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which will not already have occurred to his
fine intellect. Like myself, he is the victim
of brute force, and must bear it until the
present state of things is changedas it
possibly may be in the good time which I
understand is coming, if I wait a little
longer."

There! How do you like that? That's
the Horse! You shall have another animal's
sentiments, soon. I have communicated
with plenty 'of em, and they are all down
upon you. It's not I alone who have found
you out. You are generally detected, I am
happy to say, and shall be covered with
confusion.

Talking about the horse, are you going to set
up any more horses? Eh? Think a bit. Come!
You haven't got horses enough yet, surely?
Couldn't you put somebody else on horseback,
and stick him up, at the cost of a few
thousands? You have already statues to most of
the "benefactors of mankind," (SEE
ADVERTISEMENT) in your principal cities. You
walk through groves of great inventors,
instructors, discoverers, assuagers of pain,
preventers of disease, suggesters of purifying
thoughts, doers of noble deeds. Finish the
list. Come!

Whom will you hoist into the saddle ?
Let's have a cardinal virtue! Shall it be
Faith? Hope? Charity? Aye, Charity's the
virtue to ride on horseback! Let's have
Charity!

How shall we represent it? Eh? What do
you think? Royal? Certainly. Duke? Of
course. Charity always was typified in that
way, from the time of a certain widow,
downwards. And there's nothing less left to put
up; all the commoners who were "benefactors
of mankind" having had their statues in the
public places, long ago.

How shall we dress it ? Rags? Low.
Drapery ? Common-place. Field-Marshal's
uniform? The very thing! Charity in a Field-
Marshal's uniform (none the worse for wear)
with thirty thousand pounds a-year, public
money, in its pocket, and fifteen thousand
more, public money, up behind, will be a
piece of plain uncompromising truth in the
highways, and an honor to the country and
the time.

Ha, ha, ha! You can't leave the memory
of an unassuming, honest, good-natured,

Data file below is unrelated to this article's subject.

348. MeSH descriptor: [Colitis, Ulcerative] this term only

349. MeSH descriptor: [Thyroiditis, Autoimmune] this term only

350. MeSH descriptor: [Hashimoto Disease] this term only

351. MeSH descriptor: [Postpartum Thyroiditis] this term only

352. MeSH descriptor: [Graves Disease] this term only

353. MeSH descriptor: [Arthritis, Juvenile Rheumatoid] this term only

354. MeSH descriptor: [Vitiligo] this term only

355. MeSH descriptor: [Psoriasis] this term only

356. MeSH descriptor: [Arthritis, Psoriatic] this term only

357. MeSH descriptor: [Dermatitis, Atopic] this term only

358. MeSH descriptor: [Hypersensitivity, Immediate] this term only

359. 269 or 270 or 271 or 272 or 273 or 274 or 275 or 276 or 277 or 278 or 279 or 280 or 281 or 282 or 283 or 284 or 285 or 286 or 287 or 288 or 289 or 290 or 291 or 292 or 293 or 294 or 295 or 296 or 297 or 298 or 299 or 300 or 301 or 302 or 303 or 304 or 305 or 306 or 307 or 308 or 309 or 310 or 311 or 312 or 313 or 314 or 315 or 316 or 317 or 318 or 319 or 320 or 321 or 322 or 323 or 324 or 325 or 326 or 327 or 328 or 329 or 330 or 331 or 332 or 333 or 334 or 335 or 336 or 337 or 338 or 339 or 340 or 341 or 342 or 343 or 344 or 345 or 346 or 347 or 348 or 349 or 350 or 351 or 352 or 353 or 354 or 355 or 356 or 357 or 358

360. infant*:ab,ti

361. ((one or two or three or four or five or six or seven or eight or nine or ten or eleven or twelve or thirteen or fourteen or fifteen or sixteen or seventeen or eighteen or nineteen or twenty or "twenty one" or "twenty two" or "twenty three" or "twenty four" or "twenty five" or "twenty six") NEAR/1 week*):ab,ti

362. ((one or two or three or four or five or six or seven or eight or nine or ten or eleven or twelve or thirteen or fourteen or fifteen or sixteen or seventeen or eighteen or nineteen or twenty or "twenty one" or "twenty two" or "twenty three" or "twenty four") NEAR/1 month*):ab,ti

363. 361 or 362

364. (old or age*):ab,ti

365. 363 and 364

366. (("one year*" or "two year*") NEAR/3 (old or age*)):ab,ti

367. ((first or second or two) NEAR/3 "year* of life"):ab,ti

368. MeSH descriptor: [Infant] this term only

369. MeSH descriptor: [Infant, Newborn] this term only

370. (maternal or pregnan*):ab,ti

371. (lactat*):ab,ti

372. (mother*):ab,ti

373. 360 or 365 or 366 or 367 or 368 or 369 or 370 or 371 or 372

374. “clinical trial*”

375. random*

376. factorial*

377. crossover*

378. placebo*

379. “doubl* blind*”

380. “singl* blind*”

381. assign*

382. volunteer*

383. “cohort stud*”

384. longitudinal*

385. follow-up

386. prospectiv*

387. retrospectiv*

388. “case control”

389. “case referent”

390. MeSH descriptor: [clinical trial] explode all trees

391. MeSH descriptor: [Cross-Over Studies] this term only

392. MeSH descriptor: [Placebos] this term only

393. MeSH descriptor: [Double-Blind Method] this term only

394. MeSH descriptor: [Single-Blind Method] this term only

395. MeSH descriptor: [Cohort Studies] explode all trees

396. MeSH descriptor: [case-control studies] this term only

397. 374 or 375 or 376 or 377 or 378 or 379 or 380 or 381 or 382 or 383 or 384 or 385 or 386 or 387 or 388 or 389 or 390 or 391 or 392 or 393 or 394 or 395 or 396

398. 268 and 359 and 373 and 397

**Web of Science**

amiable old Duke alone, without bespattering
it with your flunkeyism, can't you ? That's
rightand like you! Here are three brass
buttons in my crop. I'll subscribe 'em all.
One, to the statue of Charity; one, to a statue
of Hope; one, to a statue of Faith. For Faith,
we'll have the Nepaulese Ambassador on
horsebackbeing a prince. And for Hope,
we'll put the Hippopotamus on horseback,
and so make a group.

Let's have a meeting about it!

A SHILLING'S WORTH OF SCIENCE.

DR. PARIS has already shown, in a charming
little book treating scientifically of children's
toys, how easy even "philosophy in sport can
be made science in earnest." An earlier genius
cut out the whole alphabet into the figures of
uncouth animals, and enclosed them in a toy-
box representing Noah's Ark, for the purpose
of teaching children their letters. Europe,
Asia, Africa, and America have been
decimated; "yea, the great globe itself," has
been parcelled into little wooden sections, that
their readjustment into a continuous map
might teach the infant conqueror of the world
the relative positions of distant countries.
Archimedes might have discovered the
principle of the lever and the fundamental principles
of gravity upon a rocking-horse. In like
manner he might have ascertained the laws
of hydrostatics, by observing the impetus of
many natural and artificial fountains, which
must occasionally have come beneath his eye.
So also the principles of acoustics might even
now be taught by the aid of a penny whistle,
and there is no knowing how much children's
nursery games may yet be rendered subservient
to the advancement of science. The
famous Dr. Cornelius Scriblerus had excellent
notions on these subjects. He determined
that his son Martinus should be the most
learned and universally well-informed man of
his age, and had recourse to all sorts of
devices in order to inspire him even
unthinkingly with knowledge. He determined
that everything should contribute to the
improvement of his mind,—even his very dress.
He therefore, his biographer informs us,
invented for him a geographical suit of clothes,
which might give him some hints of that
science, and also of the commerce of different
nations. His son's disposition to
mathematicsfor he was a remarkable child
was discovered very early by his drawing
parallel lines on his bread and butter, and
intersecting them at equal angles, so as to
form the whole superficies into squares. His
father also wisely resolved that he should
acquire the learned languages, especially
Greek,—and remarking, curiously enough,
that young Martinus Scriblerus was remarkably
fond of gingerbread, the happy idea
came into his parental head that his pieces
of gingerbread should be stamped with the
letters of the Greek alphabet; and such was
the child's avidity for knowledge, that the very
first day he eat down to iota.

When Sir Isaac Newton changed his
residence and went to live in Leicester Place, his
next door neighbour was a widow lady, who
was much puzzled by the little she observed
of the habits of the philosopher. One of the
Fellows of the Royal Society, called upon her
one day, when among other domestic news,
she mentioned that some one had come to
reside in the adjoining house, who she felt
certain was a poor mad gentleman. "And

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